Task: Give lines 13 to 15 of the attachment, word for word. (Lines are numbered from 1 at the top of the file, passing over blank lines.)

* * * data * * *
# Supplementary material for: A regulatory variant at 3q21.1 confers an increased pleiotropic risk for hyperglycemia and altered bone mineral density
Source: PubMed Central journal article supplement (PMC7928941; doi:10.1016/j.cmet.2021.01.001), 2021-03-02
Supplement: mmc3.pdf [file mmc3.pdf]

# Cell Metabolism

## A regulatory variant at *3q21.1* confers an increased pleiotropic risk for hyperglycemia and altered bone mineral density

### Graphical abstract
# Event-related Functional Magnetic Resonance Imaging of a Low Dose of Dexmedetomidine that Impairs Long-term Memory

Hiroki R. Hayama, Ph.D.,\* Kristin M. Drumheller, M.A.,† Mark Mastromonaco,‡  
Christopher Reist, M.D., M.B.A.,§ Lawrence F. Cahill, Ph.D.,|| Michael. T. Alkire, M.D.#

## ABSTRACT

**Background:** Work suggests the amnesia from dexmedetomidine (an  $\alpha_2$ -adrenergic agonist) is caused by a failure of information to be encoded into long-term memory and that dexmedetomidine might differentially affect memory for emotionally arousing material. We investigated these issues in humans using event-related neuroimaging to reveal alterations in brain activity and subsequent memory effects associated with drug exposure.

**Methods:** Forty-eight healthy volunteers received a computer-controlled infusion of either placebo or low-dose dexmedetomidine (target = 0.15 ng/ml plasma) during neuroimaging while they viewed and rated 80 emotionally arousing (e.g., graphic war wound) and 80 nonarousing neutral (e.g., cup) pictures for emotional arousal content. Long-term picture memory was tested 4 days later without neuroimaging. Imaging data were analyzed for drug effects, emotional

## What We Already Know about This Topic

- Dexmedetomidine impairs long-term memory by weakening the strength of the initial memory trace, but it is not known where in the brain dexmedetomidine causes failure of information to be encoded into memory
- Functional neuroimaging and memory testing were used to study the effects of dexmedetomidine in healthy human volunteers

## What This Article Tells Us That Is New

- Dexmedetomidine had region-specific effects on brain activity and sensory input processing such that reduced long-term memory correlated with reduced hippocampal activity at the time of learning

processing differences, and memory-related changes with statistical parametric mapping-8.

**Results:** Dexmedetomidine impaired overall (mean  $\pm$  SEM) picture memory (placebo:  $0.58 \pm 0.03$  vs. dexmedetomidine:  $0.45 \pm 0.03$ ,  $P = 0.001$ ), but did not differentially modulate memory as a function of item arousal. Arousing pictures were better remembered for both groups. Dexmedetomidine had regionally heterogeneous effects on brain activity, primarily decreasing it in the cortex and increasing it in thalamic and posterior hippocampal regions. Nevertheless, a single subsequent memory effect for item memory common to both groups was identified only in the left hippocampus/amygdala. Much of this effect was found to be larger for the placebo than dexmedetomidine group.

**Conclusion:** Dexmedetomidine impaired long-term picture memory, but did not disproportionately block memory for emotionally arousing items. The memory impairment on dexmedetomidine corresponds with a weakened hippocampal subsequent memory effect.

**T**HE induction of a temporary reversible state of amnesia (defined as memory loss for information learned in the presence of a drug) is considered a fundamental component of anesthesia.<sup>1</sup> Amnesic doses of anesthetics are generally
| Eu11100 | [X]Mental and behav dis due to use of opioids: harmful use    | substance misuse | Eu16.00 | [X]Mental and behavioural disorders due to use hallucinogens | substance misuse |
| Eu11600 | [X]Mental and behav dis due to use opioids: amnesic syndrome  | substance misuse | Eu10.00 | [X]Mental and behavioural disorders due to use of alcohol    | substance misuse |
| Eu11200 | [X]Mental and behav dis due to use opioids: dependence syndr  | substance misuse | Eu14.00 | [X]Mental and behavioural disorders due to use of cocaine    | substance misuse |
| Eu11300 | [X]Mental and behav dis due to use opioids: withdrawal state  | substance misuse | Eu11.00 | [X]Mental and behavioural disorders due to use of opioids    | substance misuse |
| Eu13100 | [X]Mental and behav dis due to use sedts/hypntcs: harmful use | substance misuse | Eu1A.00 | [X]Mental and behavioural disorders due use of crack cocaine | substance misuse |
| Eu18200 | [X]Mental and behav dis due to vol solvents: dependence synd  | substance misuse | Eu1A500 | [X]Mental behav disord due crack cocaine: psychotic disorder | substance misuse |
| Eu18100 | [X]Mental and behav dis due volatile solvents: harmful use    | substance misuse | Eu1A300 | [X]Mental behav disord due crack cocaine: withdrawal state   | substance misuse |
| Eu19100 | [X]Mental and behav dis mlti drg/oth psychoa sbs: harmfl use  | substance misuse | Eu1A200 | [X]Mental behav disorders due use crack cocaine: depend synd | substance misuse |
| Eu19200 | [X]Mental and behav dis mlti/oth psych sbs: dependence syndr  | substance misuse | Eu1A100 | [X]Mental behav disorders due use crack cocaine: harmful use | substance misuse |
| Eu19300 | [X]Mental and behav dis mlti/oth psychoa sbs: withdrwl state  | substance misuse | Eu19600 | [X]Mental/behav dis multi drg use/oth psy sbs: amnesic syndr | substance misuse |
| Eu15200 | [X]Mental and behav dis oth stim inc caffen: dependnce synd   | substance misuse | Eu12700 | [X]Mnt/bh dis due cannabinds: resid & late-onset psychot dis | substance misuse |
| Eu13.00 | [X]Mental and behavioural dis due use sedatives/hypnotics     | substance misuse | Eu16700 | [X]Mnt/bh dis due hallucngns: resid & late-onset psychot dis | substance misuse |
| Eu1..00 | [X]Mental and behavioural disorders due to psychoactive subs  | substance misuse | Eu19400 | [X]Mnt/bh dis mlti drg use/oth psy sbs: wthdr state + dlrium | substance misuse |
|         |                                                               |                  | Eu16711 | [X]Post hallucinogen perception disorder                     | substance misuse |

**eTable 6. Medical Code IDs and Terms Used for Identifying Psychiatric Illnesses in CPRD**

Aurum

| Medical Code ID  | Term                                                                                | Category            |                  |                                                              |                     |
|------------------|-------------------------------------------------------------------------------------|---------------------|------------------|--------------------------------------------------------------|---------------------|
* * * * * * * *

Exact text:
## What We Already Know about This Topic

- Dexmedetomidine impairs long-term memory by weakening the strength of the initial memory trace, but it is not known where in the brain dexmedetomidine causes failure of information to be encoded into memory
- Functional neuroimaging and memory testing were used to study the effects of dexmedetomidine in healthy human volunteers